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Cell Phone Ownership is not a Right
SafeLink Wireless is a TracFone company that distributes "free" cell phones to the poor compliments of the taxpayer. On its website the company claims "cell phone ownership is a right ... and no one should have to pay more than they want or can afford." Read that again, "no one should have to pay more than they want" for cell phone usage. Is there any point at which it becomes unacceptable to seize the property of hardworking individuals in order to provide "the poor" with convenient luxuries. I'm all for helping folks in need--though aid is much more effective through private charity--but when did a cell phone become necessary for subsistence?
According to the Heritage Foundation, the program currently costs $819 Million ($819,000,000) annually and covers only twenty states. Costs are projected to grow to over $1 Billion ($1,000,000,000) this year, and the program isn't even covering half the states in our nation. These hefty price tags are largely paid through phone service taxes on those of us "fortunate enough" to pay our own phone bills. At some point, enough has to be enough. Welfare is on the fast track to becoming a viable career option in our nation. The government has already touted the benefits of "free broadband." About all that remains is "free" Satellite or Cable.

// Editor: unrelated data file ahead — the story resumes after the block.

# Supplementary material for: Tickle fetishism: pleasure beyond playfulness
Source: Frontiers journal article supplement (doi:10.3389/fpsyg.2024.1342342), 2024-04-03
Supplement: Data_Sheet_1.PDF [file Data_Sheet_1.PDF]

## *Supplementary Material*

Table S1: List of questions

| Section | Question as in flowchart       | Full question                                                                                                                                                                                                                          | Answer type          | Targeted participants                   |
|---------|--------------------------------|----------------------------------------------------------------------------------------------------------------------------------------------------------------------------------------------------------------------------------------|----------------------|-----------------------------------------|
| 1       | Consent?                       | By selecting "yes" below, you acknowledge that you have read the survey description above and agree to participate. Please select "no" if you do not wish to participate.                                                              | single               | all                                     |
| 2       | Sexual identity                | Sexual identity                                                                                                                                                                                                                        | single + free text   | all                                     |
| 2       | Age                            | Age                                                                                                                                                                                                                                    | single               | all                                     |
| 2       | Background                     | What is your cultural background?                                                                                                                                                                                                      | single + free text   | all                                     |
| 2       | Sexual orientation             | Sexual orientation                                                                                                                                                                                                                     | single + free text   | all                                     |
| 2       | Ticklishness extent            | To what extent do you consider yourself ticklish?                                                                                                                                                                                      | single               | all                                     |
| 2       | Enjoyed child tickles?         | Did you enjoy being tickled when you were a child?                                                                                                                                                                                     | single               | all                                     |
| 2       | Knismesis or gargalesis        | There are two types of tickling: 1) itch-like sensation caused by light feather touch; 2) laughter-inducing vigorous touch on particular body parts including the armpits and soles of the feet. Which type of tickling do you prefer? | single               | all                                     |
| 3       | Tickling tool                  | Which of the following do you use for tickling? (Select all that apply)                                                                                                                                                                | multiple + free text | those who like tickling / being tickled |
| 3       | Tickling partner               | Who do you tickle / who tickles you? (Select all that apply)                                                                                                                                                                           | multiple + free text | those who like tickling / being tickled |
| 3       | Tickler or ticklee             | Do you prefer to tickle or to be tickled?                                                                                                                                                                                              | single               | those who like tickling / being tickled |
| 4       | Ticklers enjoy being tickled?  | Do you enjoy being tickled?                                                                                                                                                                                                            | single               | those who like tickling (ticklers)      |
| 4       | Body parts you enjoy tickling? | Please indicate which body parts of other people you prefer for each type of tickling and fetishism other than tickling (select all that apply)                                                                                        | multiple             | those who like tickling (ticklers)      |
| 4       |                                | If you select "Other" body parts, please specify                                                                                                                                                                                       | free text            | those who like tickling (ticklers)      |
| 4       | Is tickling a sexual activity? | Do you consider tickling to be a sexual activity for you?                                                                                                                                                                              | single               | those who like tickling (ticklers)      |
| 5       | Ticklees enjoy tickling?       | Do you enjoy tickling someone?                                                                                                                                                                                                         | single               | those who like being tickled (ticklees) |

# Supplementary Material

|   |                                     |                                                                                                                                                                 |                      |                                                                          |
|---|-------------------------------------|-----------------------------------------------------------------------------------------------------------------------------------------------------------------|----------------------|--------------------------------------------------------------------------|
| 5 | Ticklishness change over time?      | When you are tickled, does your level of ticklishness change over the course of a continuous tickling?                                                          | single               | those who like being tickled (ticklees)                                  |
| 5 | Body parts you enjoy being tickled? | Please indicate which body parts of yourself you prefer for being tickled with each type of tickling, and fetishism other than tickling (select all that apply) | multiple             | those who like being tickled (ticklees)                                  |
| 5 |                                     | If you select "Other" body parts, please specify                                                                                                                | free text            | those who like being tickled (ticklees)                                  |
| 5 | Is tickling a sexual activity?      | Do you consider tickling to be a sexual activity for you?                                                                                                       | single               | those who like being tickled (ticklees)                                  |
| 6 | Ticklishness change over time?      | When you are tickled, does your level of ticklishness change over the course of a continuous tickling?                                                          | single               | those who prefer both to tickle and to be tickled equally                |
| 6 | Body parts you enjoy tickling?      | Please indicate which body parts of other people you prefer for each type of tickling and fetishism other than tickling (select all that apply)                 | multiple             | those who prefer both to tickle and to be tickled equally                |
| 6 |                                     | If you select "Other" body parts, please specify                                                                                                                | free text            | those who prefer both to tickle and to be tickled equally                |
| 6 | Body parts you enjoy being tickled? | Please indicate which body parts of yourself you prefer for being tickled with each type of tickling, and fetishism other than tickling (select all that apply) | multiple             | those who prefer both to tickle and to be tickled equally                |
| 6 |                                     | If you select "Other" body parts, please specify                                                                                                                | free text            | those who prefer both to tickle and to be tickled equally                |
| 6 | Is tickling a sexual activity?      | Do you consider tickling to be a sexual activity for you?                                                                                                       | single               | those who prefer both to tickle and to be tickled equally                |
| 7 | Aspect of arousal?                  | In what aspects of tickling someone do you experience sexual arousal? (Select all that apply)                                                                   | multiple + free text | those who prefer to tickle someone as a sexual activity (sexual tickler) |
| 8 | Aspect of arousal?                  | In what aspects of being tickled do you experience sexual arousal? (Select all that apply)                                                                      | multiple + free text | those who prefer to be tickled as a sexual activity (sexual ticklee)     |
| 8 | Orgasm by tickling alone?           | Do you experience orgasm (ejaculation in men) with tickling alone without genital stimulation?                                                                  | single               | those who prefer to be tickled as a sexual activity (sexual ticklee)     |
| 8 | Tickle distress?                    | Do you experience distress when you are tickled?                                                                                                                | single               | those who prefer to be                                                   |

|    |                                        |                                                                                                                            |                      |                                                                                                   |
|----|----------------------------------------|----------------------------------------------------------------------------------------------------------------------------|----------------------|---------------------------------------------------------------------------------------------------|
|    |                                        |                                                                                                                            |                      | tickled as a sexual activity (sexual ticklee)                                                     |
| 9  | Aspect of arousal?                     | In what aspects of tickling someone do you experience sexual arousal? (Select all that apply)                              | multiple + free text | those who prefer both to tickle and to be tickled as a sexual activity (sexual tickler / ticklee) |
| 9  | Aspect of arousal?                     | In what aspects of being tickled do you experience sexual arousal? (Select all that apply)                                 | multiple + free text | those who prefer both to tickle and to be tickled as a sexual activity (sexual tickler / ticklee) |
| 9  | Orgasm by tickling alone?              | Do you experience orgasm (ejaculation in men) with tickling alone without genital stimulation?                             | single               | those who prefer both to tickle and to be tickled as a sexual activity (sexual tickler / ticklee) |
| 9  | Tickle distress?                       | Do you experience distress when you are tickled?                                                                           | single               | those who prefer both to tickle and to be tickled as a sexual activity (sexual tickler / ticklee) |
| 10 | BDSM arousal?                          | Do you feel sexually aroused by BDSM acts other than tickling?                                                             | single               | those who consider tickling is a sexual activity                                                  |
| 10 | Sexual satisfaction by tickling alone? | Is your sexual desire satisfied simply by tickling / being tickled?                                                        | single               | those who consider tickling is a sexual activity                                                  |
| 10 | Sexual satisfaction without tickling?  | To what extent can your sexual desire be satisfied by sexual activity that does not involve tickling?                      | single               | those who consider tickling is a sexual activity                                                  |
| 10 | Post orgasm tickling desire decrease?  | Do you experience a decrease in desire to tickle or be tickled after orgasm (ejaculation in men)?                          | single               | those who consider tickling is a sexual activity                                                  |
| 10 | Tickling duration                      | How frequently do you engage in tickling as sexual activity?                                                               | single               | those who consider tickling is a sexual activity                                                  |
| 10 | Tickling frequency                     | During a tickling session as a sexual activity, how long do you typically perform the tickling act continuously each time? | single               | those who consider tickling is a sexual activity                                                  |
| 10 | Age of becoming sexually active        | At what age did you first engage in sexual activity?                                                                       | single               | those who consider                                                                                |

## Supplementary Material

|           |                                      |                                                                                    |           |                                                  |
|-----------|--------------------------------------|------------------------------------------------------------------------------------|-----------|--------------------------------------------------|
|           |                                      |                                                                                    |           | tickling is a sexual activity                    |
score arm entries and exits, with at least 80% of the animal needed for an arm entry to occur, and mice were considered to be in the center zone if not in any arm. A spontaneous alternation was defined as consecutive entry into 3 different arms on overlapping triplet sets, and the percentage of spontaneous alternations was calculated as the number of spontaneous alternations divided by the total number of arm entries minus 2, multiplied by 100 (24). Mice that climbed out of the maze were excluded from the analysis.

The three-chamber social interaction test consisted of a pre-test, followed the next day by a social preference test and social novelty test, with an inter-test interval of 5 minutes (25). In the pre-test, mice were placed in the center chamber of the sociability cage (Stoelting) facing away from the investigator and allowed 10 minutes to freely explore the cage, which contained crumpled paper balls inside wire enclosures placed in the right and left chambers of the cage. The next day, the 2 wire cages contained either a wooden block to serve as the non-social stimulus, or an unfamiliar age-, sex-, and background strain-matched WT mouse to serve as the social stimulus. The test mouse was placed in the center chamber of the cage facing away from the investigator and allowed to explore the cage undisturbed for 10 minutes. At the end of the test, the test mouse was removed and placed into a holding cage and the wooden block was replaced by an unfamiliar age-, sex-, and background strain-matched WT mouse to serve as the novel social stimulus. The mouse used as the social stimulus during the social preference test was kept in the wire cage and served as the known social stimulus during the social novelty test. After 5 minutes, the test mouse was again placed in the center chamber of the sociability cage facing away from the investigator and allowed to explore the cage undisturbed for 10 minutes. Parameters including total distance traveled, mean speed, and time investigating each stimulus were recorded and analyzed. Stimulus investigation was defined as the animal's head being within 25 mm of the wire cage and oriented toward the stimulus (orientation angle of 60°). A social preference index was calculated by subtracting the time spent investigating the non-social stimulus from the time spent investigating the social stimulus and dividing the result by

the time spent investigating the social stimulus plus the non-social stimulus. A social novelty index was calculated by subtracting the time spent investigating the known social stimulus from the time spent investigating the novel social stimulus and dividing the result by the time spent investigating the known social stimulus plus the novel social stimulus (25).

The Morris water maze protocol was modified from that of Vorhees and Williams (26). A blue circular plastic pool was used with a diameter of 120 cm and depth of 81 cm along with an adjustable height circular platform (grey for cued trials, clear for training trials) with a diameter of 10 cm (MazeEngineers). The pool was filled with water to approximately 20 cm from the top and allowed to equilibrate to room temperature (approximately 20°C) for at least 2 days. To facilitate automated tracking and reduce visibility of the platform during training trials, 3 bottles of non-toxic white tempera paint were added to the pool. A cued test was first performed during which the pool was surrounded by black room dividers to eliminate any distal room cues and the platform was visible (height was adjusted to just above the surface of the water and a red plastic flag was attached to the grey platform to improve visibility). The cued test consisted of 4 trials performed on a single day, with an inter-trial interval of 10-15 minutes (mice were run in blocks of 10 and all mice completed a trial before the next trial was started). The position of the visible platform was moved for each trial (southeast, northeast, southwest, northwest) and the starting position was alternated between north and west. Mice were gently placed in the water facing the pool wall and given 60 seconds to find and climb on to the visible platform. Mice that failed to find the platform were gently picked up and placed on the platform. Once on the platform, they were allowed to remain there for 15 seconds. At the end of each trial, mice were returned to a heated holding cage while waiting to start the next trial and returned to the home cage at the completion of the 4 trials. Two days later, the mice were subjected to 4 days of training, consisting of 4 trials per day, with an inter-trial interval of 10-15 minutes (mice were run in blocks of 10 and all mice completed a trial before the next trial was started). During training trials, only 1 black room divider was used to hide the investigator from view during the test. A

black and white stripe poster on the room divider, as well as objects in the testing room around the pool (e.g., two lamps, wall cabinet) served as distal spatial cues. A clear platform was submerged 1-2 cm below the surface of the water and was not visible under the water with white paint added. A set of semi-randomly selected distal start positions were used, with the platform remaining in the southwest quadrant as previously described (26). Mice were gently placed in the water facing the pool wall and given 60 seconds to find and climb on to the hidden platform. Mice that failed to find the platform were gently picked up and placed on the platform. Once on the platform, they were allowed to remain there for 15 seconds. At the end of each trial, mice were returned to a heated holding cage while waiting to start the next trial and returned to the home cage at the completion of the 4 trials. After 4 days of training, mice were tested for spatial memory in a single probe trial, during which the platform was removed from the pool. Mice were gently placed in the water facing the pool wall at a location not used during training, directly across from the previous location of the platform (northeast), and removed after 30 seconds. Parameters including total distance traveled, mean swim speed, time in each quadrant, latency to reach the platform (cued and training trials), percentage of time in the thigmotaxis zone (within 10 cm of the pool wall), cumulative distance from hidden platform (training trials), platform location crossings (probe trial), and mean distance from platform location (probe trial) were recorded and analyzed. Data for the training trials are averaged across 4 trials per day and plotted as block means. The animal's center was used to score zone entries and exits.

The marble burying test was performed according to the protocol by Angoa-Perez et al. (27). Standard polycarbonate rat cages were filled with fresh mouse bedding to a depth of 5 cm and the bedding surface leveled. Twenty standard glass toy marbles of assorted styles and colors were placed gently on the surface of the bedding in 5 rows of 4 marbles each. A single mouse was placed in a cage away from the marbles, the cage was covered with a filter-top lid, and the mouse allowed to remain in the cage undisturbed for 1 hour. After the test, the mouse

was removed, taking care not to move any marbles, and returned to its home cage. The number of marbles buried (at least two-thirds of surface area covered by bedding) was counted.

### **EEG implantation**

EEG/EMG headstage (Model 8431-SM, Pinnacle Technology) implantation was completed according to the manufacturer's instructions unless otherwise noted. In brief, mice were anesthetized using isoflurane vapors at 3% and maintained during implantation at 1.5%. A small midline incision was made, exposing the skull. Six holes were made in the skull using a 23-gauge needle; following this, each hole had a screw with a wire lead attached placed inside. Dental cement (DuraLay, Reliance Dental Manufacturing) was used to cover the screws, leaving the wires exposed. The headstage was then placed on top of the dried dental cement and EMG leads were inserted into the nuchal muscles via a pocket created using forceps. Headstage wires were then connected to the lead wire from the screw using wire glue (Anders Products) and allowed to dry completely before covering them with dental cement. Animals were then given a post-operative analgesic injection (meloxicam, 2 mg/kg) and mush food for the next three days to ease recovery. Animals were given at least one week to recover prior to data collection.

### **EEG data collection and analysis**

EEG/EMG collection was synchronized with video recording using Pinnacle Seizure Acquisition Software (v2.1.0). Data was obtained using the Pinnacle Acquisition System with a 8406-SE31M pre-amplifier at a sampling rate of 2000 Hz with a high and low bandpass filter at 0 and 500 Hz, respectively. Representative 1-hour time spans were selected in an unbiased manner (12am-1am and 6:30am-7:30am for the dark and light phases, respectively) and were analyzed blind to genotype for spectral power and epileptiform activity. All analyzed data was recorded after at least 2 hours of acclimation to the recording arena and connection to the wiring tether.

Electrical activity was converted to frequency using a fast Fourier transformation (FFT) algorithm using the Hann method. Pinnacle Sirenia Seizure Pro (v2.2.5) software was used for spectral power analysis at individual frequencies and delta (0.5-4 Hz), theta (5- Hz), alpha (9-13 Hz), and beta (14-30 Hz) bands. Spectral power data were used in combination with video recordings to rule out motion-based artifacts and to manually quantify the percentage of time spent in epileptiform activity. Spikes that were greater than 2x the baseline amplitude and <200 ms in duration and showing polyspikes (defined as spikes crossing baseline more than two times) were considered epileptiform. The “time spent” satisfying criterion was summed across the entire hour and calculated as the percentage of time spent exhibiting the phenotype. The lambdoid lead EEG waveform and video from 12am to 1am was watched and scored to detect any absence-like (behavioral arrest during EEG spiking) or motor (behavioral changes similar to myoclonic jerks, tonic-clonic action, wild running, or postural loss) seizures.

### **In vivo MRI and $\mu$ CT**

A 1995 study found 80% of our states welfare benefits paid more than an $8.00 per hour job, and benefits exceeded the minimum wage in all fifty states and the District of Columbia. Welfare spending has only continued to grow since then, and why wouldn't it? It sure beats working to earn less. When the government subsidizes a behavior, it becomes more prevalent in society. Subsidizing dependence only leads to greater dependence while placing an ever increasing tax burden on the so-called rich. Despite all the promises, increased welfare spending has never solved the poverty problem.
Overall, the typical American defined as poor by the government has a car, air conditioning, a refrigerator, a stove, a clothes washer and dryer, and a microwave. He has two color televisions, and cable or satellite TV reception. He has a VCR, a DVD player, and a stereo. He is able to obtain medical care. His home is in good repair and is not overcrowded. By his own report, his family is not hungry and he had sufficient funds in the past year to meet his family's essential needs. While this individual's life is not opulent, it is equally far from the popular images of dire poverty conveyed by the press, liberal activists, and politicians.
Welfare utilization will never decrease so long as it provides greater benefits than productive employment. We're already providing non-working individuals with a lifestyle that far exceeds any reasonable definition of subsistence, and the American "poor" are afforded a lifestyle that is above average in developed countries and extravagant compared to many others. At some point, people need to be reminded of their personal responsibility to provide for themselves. If you want a cell phone, pay for it.